I'm not counting on FFXIV:ARR to have these kinds of elements in place; I don't think today's average gamer could have fun with that kind of stuff.
Oh, I don't agree with that at all. Jesse Schell actually gave a good talk pretty recently about how important it was for players to find meaning in their games--to experience real accomplishment and connection. (Unfortunately all most people took from it was a few seconds where he noted that demos ended up causing games to be less successful.)
Overcoming difficult challenges is an important quality of a successful game. It's when the players perceive the challenge as unfair or unreasonable that they become frustrated. This would be a problem in games like FFXI because FFXI wasn't and didn't try to be fair--for example, certain classes had a much tougher time overcoming the content than others. Most of the players who stuck around in XI were those who were able to accept that the game was horrendously imbalanced and that there were very few efforts to change that.
...and I think overall the main reason why we
do stick around (in this case) is because of the draw/name recognition + time invested. The acceptance of that difficult content, has become a weird bit of charm. In large part to our social connections and bonds during those times as well. I think we all leveled subjobs we hated for one reason or another.
I essence FFXI stopped being "fun" a long time ago; I would log on for nostalgic reasons or to try some new content but I still stuck around
for 5-6 years off and on. FFXIV is new, ARR is newer and (obviously) has gone to extreme lengths this time around to exaggerate the lore to comical (although I'm enjoying it) proportions by throwing in everything Final Fantasy related under the sun.
If FFXI wasn't related to Final Fantasy I would have never
played it. FF to me isn't just all mog and chocobo and magitek (although that's cool too), but rather generally the art direction, music and story I loved from past SE games.
Initially 1.0 fell a bit flat in that department too, BUT from what I've seen from a lot of the recent demos is that SE/Yoshi-P/the rest of the dev team, seemed to have hit on a more ephemeral/musical/artistic point that, pardon the pun, has struck a chord in a way that stirred an interest and makes me want to play it again; that was absent from 1.0. Simply put, mechanics aside, the "feeling" of Final Fantasy is more alive and present here in ARR and I think this plays a large part, passively/implicitly to add to depth as well.
I played The Walking Dead, which was on a lot of a lot of best of lists, and the gameplay, like most adventure games was basically point and click. But the story was pretty good. The pacing, the illusion of choice all really work well together. But I am also into the show as well, so I thought it was very well done; because it was relatable to a certain universe. I was immersed, even though I was playing as someone else, and didn't really have any control over the outcome. All I had was an affinity to the world and a good story. The game was not too difficult, it was short and well I wouldn't really want to play it again. Making the game into a "Resident Evil" type of game, might have made it better in some ways, but would have lost some of the cinematic accents.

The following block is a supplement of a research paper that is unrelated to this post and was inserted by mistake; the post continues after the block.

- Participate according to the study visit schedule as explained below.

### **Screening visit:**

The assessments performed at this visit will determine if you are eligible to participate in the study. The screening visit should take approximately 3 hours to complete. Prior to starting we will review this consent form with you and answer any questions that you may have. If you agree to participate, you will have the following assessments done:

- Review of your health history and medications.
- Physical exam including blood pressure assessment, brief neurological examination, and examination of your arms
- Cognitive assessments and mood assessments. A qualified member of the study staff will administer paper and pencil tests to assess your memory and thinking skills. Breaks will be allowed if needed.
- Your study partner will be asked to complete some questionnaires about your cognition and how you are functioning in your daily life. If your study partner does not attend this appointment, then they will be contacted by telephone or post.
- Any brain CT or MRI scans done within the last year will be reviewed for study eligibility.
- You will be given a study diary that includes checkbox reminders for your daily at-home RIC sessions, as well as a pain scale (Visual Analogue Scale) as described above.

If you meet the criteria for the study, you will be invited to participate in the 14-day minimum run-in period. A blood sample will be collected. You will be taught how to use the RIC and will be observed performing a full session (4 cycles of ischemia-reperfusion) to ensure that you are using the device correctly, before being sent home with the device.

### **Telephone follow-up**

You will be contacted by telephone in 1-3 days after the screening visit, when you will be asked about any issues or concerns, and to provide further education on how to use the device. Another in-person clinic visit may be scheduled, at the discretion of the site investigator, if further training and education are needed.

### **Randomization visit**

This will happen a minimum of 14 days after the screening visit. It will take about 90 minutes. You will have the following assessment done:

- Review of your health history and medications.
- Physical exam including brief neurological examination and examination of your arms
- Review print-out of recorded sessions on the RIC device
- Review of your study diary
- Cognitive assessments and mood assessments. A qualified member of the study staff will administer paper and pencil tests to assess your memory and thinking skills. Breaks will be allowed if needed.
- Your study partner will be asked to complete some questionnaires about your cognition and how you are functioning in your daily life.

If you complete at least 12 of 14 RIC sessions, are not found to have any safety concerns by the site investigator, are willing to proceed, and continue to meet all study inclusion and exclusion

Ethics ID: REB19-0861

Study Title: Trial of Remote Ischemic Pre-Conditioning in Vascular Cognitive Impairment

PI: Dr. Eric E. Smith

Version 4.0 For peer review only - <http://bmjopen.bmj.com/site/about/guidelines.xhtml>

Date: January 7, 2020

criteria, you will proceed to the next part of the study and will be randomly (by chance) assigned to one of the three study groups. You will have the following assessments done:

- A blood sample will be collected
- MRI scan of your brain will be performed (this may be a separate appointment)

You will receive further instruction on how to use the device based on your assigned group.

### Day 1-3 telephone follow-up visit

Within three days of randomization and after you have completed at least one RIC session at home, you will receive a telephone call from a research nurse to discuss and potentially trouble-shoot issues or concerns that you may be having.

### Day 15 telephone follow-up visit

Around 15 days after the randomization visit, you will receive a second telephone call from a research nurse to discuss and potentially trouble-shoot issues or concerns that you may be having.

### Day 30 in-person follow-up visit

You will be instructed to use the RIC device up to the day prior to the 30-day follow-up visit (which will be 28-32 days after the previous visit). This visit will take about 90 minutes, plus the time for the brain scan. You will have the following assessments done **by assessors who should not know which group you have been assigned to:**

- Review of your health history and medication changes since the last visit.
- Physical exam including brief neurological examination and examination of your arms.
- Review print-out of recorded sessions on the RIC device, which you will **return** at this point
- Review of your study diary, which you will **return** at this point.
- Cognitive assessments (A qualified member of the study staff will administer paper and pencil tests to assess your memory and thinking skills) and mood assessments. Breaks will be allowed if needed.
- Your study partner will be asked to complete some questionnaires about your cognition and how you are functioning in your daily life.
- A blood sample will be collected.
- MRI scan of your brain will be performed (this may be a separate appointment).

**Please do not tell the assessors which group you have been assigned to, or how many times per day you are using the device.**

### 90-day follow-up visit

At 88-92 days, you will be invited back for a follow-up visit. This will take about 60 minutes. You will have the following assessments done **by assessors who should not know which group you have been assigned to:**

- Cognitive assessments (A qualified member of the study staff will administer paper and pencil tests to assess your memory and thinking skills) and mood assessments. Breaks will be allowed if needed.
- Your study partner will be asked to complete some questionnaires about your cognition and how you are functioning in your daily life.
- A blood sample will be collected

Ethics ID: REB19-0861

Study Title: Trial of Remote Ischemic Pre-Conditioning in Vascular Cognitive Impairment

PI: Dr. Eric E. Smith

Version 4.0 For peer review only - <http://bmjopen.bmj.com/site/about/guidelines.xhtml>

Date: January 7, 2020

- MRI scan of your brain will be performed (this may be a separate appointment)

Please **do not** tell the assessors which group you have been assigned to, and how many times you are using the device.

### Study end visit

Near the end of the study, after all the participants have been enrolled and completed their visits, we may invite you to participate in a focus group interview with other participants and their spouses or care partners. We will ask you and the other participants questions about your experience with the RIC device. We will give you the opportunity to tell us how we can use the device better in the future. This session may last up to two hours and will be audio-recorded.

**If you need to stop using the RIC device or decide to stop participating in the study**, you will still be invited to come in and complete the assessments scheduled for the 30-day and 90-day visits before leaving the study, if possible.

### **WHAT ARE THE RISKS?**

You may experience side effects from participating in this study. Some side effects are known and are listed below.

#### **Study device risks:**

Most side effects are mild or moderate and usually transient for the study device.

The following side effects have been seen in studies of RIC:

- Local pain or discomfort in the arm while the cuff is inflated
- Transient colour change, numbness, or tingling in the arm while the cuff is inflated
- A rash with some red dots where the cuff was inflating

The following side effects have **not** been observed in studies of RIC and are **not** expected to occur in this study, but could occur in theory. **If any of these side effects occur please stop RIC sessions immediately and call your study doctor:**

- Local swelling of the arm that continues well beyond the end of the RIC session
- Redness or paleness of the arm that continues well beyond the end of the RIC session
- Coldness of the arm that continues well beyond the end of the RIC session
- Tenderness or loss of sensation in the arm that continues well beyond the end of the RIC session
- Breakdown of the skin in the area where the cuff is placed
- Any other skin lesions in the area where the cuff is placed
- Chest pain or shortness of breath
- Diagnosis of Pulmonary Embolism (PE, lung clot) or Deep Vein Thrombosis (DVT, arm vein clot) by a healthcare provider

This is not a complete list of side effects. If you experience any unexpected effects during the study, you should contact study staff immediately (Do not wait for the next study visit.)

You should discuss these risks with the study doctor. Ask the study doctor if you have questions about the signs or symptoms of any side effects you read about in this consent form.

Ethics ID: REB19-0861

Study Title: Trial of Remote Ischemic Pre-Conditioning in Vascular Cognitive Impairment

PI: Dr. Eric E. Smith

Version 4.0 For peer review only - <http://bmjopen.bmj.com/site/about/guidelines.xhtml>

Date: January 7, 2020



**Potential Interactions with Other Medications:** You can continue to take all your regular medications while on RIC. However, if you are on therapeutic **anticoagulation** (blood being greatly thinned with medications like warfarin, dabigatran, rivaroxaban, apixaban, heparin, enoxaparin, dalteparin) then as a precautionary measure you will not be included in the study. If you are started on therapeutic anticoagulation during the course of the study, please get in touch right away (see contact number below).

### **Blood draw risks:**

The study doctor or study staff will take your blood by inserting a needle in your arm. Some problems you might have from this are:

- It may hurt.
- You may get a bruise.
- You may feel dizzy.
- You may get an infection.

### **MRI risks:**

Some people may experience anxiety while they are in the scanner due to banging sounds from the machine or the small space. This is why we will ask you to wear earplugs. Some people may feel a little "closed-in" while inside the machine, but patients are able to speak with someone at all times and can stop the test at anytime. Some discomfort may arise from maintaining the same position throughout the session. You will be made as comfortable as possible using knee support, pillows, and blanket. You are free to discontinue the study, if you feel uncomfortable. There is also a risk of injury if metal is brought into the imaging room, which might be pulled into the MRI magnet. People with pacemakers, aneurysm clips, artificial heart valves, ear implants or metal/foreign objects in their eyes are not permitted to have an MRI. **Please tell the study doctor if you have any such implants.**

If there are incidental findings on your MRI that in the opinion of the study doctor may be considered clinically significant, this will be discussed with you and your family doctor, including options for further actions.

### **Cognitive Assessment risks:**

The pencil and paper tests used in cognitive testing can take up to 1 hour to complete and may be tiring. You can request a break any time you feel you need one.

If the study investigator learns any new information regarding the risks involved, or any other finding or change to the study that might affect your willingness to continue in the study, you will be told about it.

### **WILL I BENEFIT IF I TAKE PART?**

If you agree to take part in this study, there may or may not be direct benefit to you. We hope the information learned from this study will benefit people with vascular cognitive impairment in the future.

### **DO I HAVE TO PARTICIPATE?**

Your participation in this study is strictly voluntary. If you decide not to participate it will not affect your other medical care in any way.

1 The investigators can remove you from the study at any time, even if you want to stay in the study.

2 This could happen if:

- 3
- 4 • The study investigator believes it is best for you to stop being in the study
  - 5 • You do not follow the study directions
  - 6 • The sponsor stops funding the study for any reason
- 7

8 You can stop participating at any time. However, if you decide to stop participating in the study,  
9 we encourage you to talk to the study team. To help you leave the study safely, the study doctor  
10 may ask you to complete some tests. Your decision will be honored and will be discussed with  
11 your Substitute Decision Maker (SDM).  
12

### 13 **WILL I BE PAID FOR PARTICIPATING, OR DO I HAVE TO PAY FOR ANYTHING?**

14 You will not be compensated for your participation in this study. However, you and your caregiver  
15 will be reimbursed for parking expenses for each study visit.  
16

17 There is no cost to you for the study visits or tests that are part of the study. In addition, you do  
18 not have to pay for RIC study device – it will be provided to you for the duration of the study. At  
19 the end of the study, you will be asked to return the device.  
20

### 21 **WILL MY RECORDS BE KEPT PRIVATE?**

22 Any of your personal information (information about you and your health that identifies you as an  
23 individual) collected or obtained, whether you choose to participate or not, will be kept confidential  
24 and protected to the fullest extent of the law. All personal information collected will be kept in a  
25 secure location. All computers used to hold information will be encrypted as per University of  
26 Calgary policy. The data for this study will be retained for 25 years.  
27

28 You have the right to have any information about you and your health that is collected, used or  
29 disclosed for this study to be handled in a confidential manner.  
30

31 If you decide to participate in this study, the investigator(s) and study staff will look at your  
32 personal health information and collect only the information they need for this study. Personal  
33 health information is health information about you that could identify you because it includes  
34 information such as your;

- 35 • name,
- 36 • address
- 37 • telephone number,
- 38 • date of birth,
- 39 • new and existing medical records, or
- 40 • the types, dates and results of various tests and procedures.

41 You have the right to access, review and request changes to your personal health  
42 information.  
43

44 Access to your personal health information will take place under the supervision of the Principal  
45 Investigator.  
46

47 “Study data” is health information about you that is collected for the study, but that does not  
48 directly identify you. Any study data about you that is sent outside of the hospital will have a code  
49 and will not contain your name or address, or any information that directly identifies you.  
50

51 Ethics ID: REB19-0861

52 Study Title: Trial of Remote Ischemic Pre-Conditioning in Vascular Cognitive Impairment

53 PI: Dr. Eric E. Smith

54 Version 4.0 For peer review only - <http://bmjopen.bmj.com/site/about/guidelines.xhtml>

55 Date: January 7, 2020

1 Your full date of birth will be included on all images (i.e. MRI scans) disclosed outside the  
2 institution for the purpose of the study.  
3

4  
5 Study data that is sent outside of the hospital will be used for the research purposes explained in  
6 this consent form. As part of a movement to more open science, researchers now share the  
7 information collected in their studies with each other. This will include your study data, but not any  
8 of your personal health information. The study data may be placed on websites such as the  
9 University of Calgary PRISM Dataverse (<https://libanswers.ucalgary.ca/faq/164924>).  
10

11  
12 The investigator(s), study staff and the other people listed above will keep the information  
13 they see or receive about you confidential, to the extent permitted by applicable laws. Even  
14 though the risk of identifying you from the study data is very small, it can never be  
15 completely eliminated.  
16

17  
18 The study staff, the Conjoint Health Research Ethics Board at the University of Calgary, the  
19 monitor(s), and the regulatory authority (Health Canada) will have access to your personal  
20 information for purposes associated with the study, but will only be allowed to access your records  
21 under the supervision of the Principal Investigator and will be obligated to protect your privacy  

Point being, story and art direction can play a huge role making a game immersive, with little to no mechanics.
ARR has seemingly
got the artistic part right on this front (when compared to 1.0). But it's an MMO that needs to be sustainable/playable for at least 5-10 years. It's the UI, the mechanics, the difficulty, the economy, the progression, the relationship between player and character/player and community, in addition,
to the artistic side that will really make this game succeed.
I don't know the stats but I can safely assume that most people playing ARR, or even FFXI were/are mostly fans of the series. Unfortunately SE has muddied the waters in the past few years and the fanbase isn't what it was in 2002. There's definitely going to be a large hill to climb regardless if the game is good or not.
So, we get initially hitched/drawn into the game because of our affinity to the series, and then if we like the game enough, or find that the lore/art is acceptable, we find something in the game to latch onto, farming, crafting, leveling, fighting, raids, the social aspect, etc. Each one of these things is a path we can go down.
It was a while ago when Yoshi-P made the "themepark" analogy, but "themepark" worries me. Sure I can ride the ferris wheel, but unless that ferris wheel throws me for a loop, or gives me something in addition to riding it, I'll ride it once and move on. That's exactly what I don't want.
I guess if there's a point in all of these "meta games" and the minutia of MMOs aside, I think quite broadly that I kinda agree with the OP: That a mechanically decent (whatever that means) but artistically solid FF MMO will do (would have done) well. However, with this current climate of MMOs, with the problems of 1.0, with the problems of SE in general, ARR has a very tough road ahead, and that mechanically it really needs inovation, and solid and sound gameplay to have a chance of surviving a good launch, let alone years to come.
I'm going off on tangents again, but I'll just close by saying I'm glad I don't have to worry about making a successful MMO. :)